In addition to filing a motion for extension within 30 days of judgment, Plaintiff must also demonstrate good cause or excusable neglect in order to be granted an extension. "The excusable neglect standard applies in situations in which there is fault; in such situations the need for an extension is usually occasioned by something within the control of the movant. The good cause standard applies in situations in which there is no fault--excusable or otherwise.
In such situations, the need for an extension is usually occasioned by something that is not within the control of the movant." Fed. R. App. P. 4(a)(5)(A)(ii), advisory committee's note. For example, if Plaintiff could demonstrate that the Postal Service had failed to deliver a timely prepared notice of appeal, the good cause standard would apply. Id.
Plaintiff does not claim that circumstances beyond his control brought about the need for an extension. Plaintiff states that he "believes" he mailed the notice because the event was marked on his "internal calendar." However, without any evidence that the notice was properly mailed the good cause prong is not applicable. Therefore, in order to be granted an extension, Plaintiff must demonstrate excusable neglect. See Bass v. NYNEX, 2004 WL 2674633 (S.D.N.Y. Nov. 23, 2004).
In Pioneer, the Supreme Court recognized that excusable neglect is an "elastic concept" which is "at bottom an equitable one, taking account of all relevant circumstances surrounding the party's omission." Pioneer Investment Servs. Co. v. Brunswick Assoc., Ltd., 507 U.S. 380, 395 (1993). In assessing excusable neglect in the context of a Rule 4(a)(5) motion, courts must consider the four elements of the Pioneer test; "(1) the danger of prejudice to the [non-movant], (2) the length of the delay and its potential impact upon judicial proceedings, (3) the reason for the delay, including whether it was in the reasonable control of the movant, and (4) whether the movant acted in good faith." United States v. Carson, 52 F.3d 1173, 1180 (2d Cir. 1995) (quoting United States v. Hooper, 9 F.3d 257, 259 (2d Cir. 1993) (quoting Pioneer Investment Servs. Co. v. Brunswick Assoc., Ltd., 507 U.S. 380, 395 (1993)). Accord Silivanch v. Celebrity Cruises, Inc., 333 F.3d 355, 366 (2d Cir. 2003).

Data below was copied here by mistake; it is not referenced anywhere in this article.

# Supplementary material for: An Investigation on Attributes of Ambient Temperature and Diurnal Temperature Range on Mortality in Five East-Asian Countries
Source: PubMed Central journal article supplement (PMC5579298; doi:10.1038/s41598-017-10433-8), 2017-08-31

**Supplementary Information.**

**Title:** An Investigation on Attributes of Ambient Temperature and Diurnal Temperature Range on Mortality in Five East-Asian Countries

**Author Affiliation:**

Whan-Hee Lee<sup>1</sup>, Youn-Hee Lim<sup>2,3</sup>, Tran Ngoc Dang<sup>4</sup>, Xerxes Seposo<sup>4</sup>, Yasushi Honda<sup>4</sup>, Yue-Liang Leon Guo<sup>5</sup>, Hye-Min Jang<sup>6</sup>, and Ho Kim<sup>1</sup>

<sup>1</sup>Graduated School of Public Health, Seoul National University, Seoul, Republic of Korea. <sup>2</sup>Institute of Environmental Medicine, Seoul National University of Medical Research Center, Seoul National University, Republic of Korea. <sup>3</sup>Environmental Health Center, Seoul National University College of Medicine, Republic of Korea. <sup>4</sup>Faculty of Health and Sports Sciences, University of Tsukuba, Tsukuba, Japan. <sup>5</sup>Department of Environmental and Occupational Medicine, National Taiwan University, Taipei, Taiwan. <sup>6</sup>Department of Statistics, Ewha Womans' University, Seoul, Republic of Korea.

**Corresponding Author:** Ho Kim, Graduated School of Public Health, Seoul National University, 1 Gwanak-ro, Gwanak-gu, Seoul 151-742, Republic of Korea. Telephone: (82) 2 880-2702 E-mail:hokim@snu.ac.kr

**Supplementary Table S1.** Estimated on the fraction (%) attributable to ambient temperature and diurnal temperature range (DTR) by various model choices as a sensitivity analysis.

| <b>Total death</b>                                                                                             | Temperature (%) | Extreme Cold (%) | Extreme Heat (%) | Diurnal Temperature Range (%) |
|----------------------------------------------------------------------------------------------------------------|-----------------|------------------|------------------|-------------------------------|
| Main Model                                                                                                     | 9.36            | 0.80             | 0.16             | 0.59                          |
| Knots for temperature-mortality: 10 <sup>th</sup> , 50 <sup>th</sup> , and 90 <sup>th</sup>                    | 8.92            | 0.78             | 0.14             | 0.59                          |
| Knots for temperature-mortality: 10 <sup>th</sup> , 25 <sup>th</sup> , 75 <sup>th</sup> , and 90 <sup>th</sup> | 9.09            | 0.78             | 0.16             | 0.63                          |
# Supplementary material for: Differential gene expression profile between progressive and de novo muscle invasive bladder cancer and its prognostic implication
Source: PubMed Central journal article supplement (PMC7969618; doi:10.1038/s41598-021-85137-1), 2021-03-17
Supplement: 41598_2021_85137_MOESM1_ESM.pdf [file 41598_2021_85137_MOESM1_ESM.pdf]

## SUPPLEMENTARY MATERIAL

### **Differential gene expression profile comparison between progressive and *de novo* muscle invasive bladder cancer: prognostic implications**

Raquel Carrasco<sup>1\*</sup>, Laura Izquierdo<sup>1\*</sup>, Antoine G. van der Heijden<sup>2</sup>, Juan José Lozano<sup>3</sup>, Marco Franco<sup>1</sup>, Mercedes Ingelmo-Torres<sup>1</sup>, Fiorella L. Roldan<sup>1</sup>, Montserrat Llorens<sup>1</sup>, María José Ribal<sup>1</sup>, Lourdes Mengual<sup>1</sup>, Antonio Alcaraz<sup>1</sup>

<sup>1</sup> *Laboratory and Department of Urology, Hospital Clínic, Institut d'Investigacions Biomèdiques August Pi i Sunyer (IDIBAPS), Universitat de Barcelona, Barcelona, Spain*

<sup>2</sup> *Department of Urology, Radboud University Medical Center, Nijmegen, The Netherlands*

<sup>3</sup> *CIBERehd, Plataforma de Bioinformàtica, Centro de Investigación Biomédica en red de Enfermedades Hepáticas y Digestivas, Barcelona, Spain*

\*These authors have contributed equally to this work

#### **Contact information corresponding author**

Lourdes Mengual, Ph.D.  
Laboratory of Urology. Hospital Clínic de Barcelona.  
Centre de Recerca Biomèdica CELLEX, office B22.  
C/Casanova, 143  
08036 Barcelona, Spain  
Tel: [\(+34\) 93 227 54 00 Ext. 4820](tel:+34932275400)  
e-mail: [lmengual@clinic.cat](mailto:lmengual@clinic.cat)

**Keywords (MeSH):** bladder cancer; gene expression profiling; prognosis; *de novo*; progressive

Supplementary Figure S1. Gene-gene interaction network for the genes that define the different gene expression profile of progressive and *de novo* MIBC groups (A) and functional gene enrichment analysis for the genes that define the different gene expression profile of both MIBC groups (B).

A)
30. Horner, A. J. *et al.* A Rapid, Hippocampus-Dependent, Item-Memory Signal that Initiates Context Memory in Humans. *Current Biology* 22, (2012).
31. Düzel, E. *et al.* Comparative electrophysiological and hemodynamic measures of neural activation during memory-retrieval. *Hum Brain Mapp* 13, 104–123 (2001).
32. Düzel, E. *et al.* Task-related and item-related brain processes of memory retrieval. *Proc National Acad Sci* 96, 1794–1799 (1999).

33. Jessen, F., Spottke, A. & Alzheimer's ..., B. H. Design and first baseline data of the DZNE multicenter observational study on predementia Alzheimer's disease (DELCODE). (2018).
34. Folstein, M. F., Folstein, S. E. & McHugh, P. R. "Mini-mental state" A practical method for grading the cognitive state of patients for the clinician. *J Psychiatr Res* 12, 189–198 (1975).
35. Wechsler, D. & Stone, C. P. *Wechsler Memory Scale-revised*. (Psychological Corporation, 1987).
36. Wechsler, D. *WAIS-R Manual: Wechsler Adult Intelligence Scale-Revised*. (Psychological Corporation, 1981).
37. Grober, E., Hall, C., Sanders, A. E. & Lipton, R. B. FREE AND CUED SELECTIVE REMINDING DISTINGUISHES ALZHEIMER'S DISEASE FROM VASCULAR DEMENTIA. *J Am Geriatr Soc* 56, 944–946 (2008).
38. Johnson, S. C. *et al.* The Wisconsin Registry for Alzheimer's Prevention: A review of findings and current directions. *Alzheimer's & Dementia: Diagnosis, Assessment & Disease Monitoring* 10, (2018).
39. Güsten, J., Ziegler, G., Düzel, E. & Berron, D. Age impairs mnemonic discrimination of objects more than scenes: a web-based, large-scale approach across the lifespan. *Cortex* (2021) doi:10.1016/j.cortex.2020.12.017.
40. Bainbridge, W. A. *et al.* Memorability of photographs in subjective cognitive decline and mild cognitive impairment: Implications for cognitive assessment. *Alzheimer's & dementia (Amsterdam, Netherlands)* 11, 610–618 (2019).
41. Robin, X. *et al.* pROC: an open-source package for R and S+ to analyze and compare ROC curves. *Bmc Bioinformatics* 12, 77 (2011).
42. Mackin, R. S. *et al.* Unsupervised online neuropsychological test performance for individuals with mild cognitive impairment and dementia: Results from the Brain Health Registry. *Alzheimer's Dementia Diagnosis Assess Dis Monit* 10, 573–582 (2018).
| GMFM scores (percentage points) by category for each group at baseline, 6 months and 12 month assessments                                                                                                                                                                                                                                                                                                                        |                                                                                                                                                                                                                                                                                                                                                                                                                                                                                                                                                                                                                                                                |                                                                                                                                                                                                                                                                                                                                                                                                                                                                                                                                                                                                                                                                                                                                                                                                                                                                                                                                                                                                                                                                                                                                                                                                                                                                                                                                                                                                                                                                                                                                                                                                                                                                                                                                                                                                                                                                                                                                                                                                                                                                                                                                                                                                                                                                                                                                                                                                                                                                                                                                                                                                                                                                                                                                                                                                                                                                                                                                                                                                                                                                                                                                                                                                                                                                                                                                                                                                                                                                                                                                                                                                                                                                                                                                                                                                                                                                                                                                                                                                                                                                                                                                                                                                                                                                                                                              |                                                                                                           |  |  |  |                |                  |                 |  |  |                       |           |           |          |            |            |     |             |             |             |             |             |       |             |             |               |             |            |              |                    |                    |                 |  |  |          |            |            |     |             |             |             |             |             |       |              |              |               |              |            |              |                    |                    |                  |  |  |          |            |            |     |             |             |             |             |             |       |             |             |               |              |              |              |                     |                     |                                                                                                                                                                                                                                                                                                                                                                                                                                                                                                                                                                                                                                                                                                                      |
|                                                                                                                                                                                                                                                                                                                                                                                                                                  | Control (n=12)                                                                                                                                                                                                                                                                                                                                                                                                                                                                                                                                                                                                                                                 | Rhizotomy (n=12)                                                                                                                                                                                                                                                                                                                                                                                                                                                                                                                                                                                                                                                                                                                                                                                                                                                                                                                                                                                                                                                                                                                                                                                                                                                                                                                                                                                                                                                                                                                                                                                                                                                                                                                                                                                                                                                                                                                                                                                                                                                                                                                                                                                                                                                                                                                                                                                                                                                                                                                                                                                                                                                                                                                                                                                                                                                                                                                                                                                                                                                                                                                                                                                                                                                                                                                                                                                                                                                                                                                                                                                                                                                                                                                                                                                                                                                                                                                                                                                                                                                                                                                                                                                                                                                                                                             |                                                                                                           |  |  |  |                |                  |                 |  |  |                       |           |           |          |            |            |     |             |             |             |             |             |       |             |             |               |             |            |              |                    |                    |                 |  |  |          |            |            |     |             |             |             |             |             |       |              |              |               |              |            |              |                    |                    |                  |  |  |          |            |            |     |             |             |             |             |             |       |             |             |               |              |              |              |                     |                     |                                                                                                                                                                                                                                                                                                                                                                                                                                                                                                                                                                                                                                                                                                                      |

Good faith is not questioned in this case and the negligible impact of both of the first two factors tends to favor the Plaintiff. See Silivanch, 333 F.3d 335. The Second Circuit, however, has emphasized that the reason for delay is the dominant factor, stating "the other three are significant only in close cases." Williams v. KFC Nat'l Mgmt. Co., 391 F.3d 411, 415-416 (2d Cir. 2004). The Second Circuit has "taken a hard line" in addressing cases concerning excusable neglect, stating that "despite the flexibility of 'excusable neglect' and the existence of the four-factor test in which three of the factors usually weigh in favor of the party seeking the extension, we and other circuits have focused on the third factor...." Silivanch, 333 F.3d 355 at 368. The reason for Plaintiff's delay is therefore the critical factor in determining whether his actions constitute excusable neglect.
Despite being provided more than one opportunity to provide the Court with information necessary for the determination of the instant application, Plaintiff has remained silent. Plaintiff was given an opportunity to file a reply to the Defendants' opposition, and he did not. The Court then directed the Plaintiff to file a further affidavit in support of his application, and he did not.
Rule 4(a) clearly and unambiguously establishes the time and procedure for appeal. Plaintiff was afforded ample time and opportunity to file notice but has failed, without excuse, to do so within the clear time frame set by Rule 4. "[W]here... the rule is entirely clear, we continue to expect that a party claiming excusable neglect will, in the ordinary course, lose under the Pioneer test." Canfield v. Van Atta Buick/GMC Truck, 127 F.3d 248, 250 (2d Cir. 1997). See also Pioneer, 507 U.S. 380 at 392 ("[I]nadvertence, ignorance of the rules, or mistakes construing the rules do not usually constitute "excusable" neglect"); Dennett v. CIA, 252 Fed. Appx. 343 (2d Cir. 2007) (Summary Order) (affirming district court decision that mailing notice of appeal to the wrong address does not constitute excusable neglect); Phillips v. Merchants Ins. Group, 173 F.3d 845, 1999 WL 278526 (2d Cir. 1999) (holding district court abused its discretion in granting motion for extension of time to appeal filed two days after time to appeal expired because the pro se litigant's confusion as to the deadline to appeal did not constitute excusable neglect).
Plaintiff has not demonstrated good cause or excusable neglect for his failure to timely file a notice of appeal under Rule 4(a). Plaintiff's motion to extend the time period to file a notice of appeal is denied
Denis R. Hurley Senior District Judge